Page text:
As a specific example,
Based on the above zoning of neighboring cells, the available channel frequencies for each base station in the system 100 may be divided into frequencies in three different frequency pools: (1) nonreusable frequency pool having frequencies that can be used by only one of neighboring base stations and cannot be used simultaneously by two or more neighboring stations, (2) unallocated frequency pool having frequencies that are not presently allocated to any base stations or any of the neighboring base stations, and (3) reusable frequency pool having frequencies that can be used by any of the neighboring base stations. In the example shown in
In some implementations of the frequency reuse based on the above frequency pools, frequencies may be dynamically assigned and allocated to different pools to efficiently use the available frequencies. Hence, a frequency may be in one pool at one point of time but may be reassigned to another pool at a different point of time. More specifically, the allocation of frequencies in the above three frequency pools for a base station BS1 may be made according to a location of the subscribed station with respect to BS1.
As an example, when a signal at a channel frequency A received by the mobile station (e.g., MS1) from a neighboring base station (e.g., BS2) exceeds the threshold, the mobile station notifies this condition to its current hosting base station (e.g., BS1) by sensing an appropriate message. The base station BS1 then sends a message to the corresponding BSC regarding this condition. Upon receiving this message, the BSC determines whether the mobile station MS1 is in the hand-off zone 212 with BS2. If the BSC determines that the mobile station MS1 is now in the hand-off zone 212 with BS2, the BSC instructs the mobile station MS1 to switch from the current channel frequency A in the reusable frequency pool to another channel frequency B selected from the unallocated frequency pool to either continue the communication link with BS1 or to switch the link to BS2. If the mobile station MS1 continues to communicate with BS1 in the hand-off zone 212, the frequency B selected from the unallocated frequency pool becomes part of the nonreusable frequency pool for BS1 and becomes unavailable for use by BS2 or any other BS1's neighboring base stations. If the mobile station MS1 switches to communicate with BS2 in the hand-off zone 212, the frequency B selected from the unallocated frequency pool becomes part of the nonreusable frequency pool for BS2 and cannot be used by BS1 and any other BS2's neighboring base stations. Hence, in this transition from the zone 210 of BS1 to the hand-off zone 212 with the BS2, two frequency assignments occur: (1) releasing the channel frequency A from the reusable frequency pool to the unallocated frequency pool and (2) assigning the channel frequency B from the unallocated frequency pool to the nonreusable frequency pool for either BS1 or BS2. Two solid arrowed lines in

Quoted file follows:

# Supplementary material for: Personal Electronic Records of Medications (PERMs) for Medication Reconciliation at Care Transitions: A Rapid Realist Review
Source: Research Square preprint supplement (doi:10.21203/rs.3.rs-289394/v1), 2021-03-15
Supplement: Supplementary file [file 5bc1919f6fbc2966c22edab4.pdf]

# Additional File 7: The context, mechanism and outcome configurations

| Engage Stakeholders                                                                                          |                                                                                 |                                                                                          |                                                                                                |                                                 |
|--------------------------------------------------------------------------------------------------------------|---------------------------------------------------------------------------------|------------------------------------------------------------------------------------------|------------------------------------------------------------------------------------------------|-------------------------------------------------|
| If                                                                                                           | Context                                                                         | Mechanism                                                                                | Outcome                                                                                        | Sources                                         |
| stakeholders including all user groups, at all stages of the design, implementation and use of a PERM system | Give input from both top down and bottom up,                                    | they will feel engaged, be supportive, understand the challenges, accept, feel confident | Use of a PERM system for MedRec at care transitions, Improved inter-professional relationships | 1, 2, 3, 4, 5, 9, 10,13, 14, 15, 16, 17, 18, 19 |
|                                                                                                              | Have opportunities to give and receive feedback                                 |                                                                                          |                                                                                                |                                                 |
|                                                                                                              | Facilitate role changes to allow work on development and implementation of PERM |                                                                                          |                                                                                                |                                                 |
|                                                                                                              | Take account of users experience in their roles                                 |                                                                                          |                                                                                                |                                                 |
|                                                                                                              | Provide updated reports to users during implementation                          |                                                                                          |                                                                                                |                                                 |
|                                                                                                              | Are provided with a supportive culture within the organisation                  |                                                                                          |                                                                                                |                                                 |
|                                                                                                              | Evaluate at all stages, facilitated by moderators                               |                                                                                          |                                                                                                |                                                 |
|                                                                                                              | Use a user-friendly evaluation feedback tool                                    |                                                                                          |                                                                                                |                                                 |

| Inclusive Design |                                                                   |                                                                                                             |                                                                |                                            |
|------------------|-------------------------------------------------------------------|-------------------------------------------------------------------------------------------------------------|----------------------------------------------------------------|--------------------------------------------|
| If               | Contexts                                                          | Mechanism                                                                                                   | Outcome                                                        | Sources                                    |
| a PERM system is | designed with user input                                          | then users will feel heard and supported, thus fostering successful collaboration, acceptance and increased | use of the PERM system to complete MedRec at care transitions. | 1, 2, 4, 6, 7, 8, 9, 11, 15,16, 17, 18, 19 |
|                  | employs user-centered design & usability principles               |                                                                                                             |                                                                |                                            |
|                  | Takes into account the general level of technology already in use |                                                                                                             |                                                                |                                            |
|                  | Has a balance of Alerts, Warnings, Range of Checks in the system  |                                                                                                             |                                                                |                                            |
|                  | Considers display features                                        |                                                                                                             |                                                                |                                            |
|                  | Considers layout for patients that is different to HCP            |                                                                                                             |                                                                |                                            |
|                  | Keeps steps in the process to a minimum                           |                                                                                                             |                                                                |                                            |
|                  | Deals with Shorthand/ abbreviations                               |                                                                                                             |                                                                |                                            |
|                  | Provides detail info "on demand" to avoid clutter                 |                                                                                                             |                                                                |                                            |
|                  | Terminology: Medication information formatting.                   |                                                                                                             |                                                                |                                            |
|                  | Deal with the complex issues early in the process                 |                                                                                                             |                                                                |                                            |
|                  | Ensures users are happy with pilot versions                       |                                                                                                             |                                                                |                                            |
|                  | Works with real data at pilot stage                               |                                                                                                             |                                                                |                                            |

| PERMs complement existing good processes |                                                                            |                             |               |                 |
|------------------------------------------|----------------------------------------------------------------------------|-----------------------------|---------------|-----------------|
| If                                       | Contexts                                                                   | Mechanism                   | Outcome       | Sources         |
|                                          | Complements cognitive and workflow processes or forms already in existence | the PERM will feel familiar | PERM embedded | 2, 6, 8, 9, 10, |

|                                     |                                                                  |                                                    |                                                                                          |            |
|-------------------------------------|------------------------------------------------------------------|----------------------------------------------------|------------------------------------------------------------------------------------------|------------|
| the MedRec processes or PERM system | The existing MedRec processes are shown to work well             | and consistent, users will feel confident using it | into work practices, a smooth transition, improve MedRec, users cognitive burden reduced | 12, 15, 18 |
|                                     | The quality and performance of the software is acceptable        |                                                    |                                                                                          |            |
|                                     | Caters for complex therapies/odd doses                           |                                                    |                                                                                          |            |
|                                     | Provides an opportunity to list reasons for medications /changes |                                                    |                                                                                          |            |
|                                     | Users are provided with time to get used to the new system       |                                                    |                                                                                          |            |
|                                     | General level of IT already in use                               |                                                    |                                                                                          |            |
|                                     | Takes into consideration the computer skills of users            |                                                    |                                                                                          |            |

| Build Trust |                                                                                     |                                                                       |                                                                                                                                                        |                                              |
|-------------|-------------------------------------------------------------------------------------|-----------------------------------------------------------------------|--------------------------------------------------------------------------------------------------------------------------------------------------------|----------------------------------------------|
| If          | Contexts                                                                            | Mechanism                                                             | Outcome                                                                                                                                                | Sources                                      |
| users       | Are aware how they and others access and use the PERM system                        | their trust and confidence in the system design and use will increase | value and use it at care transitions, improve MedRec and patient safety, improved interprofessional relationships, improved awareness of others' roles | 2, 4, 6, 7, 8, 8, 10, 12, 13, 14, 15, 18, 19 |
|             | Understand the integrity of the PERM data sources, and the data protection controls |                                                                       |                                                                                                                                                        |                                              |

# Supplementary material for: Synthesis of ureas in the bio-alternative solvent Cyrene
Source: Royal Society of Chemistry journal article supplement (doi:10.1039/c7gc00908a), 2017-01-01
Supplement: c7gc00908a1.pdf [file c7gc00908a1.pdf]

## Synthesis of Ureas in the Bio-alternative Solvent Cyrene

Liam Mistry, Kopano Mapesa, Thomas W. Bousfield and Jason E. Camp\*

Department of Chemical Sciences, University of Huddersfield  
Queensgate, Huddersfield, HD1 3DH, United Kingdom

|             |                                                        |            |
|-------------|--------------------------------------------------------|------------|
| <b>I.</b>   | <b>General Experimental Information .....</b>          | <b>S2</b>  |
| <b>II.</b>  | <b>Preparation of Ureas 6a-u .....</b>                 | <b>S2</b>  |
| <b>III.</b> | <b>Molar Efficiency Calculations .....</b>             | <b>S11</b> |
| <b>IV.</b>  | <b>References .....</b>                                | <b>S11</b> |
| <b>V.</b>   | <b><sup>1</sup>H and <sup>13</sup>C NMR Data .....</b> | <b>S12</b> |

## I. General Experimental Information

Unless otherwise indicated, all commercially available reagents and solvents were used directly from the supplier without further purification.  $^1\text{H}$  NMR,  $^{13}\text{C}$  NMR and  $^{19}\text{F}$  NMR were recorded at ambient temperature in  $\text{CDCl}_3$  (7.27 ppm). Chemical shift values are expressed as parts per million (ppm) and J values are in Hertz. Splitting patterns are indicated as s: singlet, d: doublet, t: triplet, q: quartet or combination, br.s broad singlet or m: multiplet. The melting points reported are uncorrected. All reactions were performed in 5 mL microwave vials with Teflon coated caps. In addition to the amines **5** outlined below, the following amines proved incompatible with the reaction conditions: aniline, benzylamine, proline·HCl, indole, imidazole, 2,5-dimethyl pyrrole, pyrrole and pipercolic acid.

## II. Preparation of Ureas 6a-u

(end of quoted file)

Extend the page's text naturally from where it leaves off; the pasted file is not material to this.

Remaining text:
Assume the mobile station is initially in the hand-off zone 212 and uses a frequency B in a nonreusable frequency pool for either BS1 or BS2, and the mobile station moves towards BS2. When the mobile station detects that the signal from the BS1 drops below the threshold, the mobile station sends a message to notify BS2 of this condition. The BSC for BS2, after receiving the notice from BS2, determines that the mobile station is now in zone 220 and thus instructs the mobile station through BS2 to switch from the frequency B to a new frequency C selected from the reusable frequency pool for BS2. The original frequency B is released to the unallocated frequency pool. This process is illustrated by the dashed arrowed lines in
Notably, in the above examples, the allocation of frequencies in different frequency pools is dynamically adjusted as a frequency for one mobile station in communication with a base station changes. The allocation of a frequency may change from one pool to another over time and the associated use of that frequency also changes accordingly. This division of frequency pools and the dynamic allocation allow for efficient reuse of available frequencies in the system.